That was the message of the Luar show, too, with its sweatsuits and pearl-tux stripe trousers and different riffs on a huge oyster earring with swooping loops of pearls that I could see taking off like a Telfar bag. One imagines Lopez has stores like Nordstrom as well as Dover Street Market in mind. It’s striking to see Lopez as suddenly so of the moment, since he actually had a big hand in creating it. He’s relaunched and reworked his brand a handful of times over the past decade, but his constant is avant-garde toughness, plus a background in ballroom culture that prefigures the now industry-wide obsession with community. His fingerprints are all over Riccardo Tisci and Matthew Williams’s work, and many young designers (particularly of the Depop Couture school) seem to toil gratefully in his shadow. It’s like what Brian Eno once said of the Velvet Underground: only 10,000 people bought their first record, but every single one of them started a band. Everyone was cheering for the looks, and Lopez received a standing ovation, which felt a far cry from the stone-faced editors who clap politely for designers who, I don’t know, show in Manhattan or whatever. It’s true that not enough has changed in fashion since the twin reckonings of the pandemic and the protests of 2020, but there has been a power shift. Genuinely out-there designers like Lopez and Telfar Clemens have figured out how to make their clothing highly wearable without sacrificing that hungry madness. Lopez knows people want great pants, a fancy coat, a spiffy loafer. And what’s more, for those who are nuts for fashion but on a RealReal budget, he (like Clemens) knows that that customer doesn’t just want a t-shirt anymore—they want a talisman of a brand, something that shows they really give a fuck about what that designer has to say. For the Luar customer—or the Collina Strada customer, or even the Bode customer—wearing a designer is like a linkup, a cosign. And Lopez’s customers, as the incredible audience demonstrated, are some of the greatest personal stylists in New York, most of whom have only one very demanding client: themselves.
Spiritually in the middle of all this is Eckhaus Latta, who showed one of their best collections ever at their usual stomping grounds, on the street outside the bar Honey’s in Bushwick. There was a Helmut Lang zaddy-crispiness to their going-out tops, cut-out shirts, snap-knits (like perverted Agnes B cardigans), and see-through pants. And while they’ve done the sexy thing before, those collections were “cozier,” as Zoe Latta put it after the show. (I think a lot about Paloma Elsesser in a clingy knit dress in the Fall 2020 show, for example). This collection was almost slick, the fabrics harder and the horniness less doe-eyed. But of course, you can just pull on those swishy green transparent trousers and yank that holey turtleneck over your head and never think about what you’re wearing for the rest of the day. (Passersby may end up daydreaming about your exposed upper ribs or the black briefs visible under your pants, of course.)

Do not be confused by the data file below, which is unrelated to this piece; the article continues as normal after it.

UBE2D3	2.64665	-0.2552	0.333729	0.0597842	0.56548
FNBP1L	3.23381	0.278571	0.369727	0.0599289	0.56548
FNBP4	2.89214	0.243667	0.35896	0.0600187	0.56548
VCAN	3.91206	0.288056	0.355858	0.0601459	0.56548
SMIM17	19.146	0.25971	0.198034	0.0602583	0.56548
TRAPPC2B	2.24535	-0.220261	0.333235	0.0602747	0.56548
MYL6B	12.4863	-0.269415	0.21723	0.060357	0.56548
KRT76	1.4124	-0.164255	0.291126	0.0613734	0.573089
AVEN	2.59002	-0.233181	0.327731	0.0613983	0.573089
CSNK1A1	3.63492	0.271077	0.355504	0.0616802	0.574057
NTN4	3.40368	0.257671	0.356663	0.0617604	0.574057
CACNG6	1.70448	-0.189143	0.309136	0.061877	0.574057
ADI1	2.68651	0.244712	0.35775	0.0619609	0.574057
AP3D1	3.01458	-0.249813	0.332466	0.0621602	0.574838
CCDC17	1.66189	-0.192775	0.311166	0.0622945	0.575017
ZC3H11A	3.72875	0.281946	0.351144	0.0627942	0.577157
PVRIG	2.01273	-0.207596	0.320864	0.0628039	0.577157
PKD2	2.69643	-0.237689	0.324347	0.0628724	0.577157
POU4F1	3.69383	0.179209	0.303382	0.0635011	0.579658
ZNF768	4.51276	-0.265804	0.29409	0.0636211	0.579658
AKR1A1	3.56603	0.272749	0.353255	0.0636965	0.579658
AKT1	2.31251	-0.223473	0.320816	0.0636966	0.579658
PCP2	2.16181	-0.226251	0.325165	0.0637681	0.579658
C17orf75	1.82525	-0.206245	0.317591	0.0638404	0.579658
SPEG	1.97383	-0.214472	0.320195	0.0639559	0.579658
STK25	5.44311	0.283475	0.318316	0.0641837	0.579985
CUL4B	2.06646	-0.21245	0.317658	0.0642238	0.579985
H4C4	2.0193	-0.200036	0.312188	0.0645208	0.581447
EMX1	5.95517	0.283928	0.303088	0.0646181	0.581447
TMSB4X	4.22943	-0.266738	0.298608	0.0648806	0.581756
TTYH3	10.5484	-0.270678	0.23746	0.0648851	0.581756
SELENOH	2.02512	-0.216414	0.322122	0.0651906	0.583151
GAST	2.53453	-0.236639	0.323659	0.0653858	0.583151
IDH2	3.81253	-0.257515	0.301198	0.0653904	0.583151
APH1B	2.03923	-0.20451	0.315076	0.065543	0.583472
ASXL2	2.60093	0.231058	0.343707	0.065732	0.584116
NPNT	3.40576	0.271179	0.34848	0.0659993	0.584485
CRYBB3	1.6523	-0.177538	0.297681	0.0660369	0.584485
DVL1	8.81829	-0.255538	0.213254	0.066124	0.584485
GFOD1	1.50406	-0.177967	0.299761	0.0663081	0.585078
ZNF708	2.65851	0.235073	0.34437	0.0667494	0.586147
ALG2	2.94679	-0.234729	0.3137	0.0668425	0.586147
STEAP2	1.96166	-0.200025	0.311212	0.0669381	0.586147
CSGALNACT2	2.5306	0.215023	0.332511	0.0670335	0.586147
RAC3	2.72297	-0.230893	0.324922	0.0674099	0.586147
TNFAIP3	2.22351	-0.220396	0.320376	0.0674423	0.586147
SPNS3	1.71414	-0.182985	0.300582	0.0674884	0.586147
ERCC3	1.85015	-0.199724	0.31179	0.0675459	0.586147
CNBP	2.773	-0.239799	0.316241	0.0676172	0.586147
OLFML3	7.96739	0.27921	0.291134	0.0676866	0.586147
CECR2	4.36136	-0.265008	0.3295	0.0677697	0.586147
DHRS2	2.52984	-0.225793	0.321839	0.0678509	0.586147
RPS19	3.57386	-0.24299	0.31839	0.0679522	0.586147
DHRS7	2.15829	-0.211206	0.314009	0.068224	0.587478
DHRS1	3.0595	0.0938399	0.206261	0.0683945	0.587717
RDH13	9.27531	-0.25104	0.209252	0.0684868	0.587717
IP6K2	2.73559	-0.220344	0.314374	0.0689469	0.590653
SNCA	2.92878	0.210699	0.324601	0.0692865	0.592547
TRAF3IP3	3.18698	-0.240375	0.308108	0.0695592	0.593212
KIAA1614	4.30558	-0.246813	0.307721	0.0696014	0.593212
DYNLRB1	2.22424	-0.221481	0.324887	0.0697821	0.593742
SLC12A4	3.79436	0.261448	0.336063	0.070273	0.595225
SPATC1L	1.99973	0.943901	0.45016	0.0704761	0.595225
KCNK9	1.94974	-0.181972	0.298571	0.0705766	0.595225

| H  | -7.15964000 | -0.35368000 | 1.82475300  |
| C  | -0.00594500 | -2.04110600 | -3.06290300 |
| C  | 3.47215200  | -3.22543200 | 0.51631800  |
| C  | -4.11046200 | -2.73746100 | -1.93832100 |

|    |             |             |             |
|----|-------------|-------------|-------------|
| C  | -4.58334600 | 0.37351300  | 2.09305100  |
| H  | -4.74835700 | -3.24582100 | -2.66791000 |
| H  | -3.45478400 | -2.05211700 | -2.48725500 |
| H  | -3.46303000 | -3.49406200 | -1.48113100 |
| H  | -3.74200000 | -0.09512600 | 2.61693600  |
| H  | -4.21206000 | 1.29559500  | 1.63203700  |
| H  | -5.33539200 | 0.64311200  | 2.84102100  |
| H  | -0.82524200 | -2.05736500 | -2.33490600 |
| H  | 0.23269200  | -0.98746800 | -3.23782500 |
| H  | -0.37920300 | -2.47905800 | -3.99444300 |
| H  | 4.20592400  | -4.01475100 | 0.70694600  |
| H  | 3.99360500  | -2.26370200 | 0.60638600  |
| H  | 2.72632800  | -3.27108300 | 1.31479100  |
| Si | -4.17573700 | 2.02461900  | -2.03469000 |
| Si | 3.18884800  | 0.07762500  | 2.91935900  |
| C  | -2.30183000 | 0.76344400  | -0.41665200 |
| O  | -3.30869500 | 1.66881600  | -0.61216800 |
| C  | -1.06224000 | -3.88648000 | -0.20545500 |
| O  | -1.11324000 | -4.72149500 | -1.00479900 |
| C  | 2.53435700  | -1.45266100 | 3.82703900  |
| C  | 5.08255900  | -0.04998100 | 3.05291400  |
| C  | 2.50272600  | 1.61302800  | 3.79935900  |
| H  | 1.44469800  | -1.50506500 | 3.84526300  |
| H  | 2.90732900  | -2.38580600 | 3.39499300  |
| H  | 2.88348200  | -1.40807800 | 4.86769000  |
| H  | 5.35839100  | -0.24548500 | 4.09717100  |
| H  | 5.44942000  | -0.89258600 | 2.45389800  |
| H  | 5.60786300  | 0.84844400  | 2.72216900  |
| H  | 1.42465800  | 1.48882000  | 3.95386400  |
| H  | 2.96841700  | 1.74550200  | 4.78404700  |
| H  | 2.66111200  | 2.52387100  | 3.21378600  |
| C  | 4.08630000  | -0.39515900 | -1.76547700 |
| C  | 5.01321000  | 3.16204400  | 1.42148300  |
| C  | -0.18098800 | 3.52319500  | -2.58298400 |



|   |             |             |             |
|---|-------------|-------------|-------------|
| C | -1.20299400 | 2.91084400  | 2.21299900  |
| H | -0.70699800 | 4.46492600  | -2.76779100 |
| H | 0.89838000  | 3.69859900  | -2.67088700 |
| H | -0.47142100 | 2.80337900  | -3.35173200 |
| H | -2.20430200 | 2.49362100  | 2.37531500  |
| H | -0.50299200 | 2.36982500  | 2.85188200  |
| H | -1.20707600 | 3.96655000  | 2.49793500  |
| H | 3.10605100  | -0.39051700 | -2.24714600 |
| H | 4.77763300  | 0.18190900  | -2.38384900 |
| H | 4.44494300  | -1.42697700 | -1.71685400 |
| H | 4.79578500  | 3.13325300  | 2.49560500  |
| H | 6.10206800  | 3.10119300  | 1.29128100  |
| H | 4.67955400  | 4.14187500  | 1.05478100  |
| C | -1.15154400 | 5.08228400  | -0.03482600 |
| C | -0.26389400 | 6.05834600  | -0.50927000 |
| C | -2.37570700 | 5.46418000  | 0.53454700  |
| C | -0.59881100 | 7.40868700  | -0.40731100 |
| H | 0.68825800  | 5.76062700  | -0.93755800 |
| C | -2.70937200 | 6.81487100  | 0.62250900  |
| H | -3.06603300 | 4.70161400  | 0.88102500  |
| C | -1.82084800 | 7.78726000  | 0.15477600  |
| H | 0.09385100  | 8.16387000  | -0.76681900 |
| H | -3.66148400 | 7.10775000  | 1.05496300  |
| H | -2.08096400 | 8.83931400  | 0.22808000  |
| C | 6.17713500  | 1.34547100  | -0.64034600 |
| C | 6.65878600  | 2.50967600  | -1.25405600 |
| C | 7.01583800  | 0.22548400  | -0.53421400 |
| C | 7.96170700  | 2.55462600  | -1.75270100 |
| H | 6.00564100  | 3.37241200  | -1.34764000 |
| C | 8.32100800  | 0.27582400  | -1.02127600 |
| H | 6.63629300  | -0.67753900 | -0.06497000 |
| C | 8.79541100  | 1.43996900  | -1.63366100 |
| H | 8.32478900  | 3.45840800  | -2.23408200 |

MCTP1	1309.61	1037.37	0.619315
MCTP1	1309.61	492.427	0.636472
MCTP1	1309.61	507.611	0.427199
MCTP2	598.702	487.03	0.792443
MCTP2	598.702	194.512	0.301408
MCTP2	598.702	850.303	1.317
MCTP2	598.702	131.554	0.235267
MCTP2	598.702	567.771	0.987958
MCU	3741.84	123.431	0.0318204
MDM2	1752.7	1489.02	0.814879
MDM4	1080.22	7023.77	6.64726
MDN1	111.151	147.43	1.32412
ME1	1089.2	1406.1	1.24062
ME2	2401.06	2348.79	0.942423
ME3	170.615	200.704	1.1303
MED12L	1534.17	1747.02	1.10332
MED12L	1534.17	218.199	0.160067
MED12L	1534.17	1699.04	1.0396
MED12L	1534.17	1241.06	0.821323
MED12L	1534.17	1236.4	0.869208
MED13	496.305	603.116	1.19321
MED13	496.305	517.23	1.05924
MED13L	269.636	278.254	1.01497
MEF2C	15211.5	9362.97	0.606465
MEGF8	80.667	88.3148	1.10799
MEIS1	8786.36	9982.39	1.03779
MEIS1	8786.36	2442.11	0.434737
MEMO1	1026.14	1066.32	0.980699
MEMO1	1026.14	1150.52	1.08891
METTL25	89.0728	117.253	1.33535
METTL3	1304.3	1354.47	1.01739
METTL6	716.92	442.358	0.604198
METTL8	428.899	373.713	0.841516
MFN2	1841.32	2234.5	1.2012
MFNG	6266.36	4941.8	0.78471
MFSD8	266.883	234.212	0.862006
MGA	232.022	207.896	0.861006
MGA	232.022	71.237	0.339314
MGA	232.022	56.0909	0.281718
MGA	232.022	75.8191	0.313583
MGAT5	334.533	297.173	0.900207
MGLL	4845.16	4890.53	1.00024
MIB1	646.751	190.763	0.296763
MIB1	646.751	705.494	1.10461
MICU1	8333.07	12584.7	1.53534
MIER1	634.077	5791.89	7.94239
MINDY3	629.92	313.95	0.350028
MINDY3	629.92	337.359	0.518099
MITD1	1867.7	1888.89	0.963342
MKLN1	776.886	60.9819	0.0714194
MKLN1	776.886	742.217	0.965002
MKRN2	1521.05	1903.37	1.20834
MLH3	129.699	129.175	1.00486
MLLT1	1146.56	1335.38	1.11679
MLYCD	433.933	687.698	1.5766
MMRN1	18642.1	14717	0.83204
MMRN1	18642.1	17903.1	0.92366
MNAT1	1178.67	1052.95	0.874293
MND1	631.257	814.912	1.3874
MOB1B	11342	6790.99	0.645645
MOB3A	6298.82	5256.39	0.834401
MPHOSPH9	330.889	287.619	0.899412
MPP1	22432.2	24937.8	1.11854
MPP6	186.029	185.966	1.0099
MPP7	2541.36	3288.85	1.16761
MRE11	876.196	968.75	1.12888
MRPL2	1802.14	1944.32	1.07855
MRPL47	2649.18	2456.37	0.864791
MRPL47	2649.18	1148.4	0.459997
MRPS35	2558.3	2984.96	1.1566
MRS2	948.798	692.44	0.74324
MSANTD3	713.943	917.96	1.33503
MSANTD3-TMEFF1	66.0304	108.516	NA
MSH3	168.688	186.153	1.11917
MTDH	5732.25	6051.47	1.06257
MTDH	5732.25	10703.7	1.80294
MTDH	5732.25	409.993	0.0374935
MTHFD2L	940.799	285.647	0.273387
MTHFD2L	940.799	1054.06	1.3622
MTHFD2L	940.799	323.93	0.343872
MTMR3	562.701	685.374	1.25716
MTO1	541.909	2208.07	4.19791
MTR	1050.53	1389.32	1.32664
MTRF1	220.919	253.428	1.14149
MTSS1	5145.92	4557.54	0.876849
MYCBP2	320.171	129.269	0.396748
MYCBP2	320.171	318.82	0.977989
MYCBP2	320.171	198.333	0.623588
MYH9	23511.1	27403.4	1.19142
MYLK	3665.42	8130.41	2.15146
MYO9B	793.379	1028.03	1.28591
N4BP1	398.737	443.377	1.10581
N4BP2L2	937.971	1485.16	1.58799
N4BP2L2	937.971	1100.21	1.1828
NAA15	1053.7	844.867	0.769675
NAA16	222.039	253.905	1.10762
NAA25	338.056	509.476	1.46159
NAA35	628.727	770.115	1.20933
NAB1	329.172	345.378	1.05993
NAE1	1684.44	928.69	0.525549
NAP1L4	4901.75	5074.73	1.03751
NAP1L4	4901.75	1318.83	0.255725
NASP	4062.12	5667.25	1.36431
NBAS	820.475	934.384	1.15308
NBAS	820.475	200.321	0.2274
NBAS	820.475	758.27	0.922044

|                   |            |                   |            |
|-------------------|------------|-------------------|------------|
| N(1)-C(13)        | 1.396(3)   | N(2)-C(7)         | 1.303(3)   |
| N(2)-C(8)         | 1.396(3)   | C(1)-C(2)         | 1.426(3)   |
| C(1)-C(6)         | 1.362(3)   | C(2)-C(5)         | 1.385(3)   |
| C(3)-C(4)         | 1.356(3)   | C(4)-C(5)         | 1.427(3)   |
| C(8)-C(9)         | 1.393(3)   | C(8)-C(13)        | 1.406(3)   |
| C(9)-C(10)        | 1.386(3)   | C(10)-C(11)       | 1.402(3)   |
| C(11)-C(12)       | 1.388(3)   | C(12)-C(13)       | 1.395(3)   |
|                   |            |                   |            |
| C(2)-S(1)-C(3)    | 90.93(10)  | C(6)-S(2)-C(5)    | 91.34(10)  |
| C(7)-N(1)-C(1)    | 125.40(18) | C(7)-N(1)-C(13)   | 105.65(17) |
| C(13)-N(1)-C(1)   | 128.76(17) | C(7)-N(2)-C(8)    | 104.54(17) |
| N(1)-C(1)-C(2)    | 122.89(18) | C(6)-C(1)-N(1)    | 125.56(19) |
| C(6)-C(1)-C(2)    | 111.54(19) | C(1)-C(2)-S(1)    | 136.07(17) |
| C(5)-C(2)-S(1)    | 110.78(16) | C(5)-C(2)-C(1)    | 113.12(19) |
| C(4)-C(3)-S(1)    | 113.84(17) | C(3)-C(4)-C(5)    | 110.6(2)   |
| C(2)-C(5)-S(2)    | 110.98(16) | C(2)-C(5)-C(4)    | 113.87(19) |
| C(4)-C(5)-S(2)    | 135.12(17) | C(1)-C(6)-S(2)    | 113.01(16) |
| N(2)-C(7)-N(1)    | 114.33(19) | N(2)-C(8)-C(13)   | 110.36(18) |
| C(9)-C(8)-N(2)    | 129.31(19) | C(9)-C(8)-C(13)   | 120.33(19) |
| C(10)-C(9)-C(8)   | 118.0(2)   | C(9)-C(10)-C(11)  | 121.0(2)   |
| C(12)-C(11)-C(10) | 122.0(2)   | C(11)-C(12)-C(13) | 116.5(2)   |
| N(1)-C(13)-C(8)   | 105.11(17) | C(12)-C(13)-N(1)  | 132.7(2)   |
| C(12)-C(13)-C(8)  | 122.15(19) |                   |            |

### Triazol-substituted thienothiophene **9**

Clothing has not been sexy for a long time, for reasons I’ve written about before (prompted by the must-follow American designer Eli Russell Linnetz): Me Too; a new era of photographers; probably the rise of dating apps, which turned sex into a technological phenomenon that helped pave the way for the monetized platforms like OnlyFans that allow a subscriber to cut out the whole “dating” formality. And in fact, fashion has long been the opposite of sexy: it’s been camp. Leading up to and following the 2019 Costume Institute show on the topic, camp overtook American fashion in mass media—the red carpet, the Instagram fit pic and the brands that are practically native to the app—as the ruling order of the day. Everything was big, brash, yelling.
Interestingly, I think this new sexiness comes not in reaction to that—though it’s certainly more visually pleasing—but as an evolution of it. It comes from the same font of identity politics-driven self-expression, from the same desperate, pleading desire to be recognized and permitted to exist, to be your own wild self: you will see me, I must feel seen. But if our long national camp nightmare was a defensive pose dressed as an outrageous offensive strategy, this new sexiness is much more about freedom, nonchalance, and best of all, desire. (Frank Ocean, our sage of fashion who works months if not years ahead of the rest of the world, wore sleek nylon Prada to that Met Gala, tossing shade at the very idea of camp: refusing to be demeaned by a silly costume. Naturally, he’s now releasing his own take on those anoraks with Prada through his line Homer.) The moment is characterized by a vanity that purrs for tactility—see the long coats at Luar, buckled at the chest. You can imagine one on a Bergdorfs shopper at Art Basel, crisply layered over a Prada shift, or on a kid at a nightclub, no shirt underneath, a dance floor hookup sliding their hand under the belt.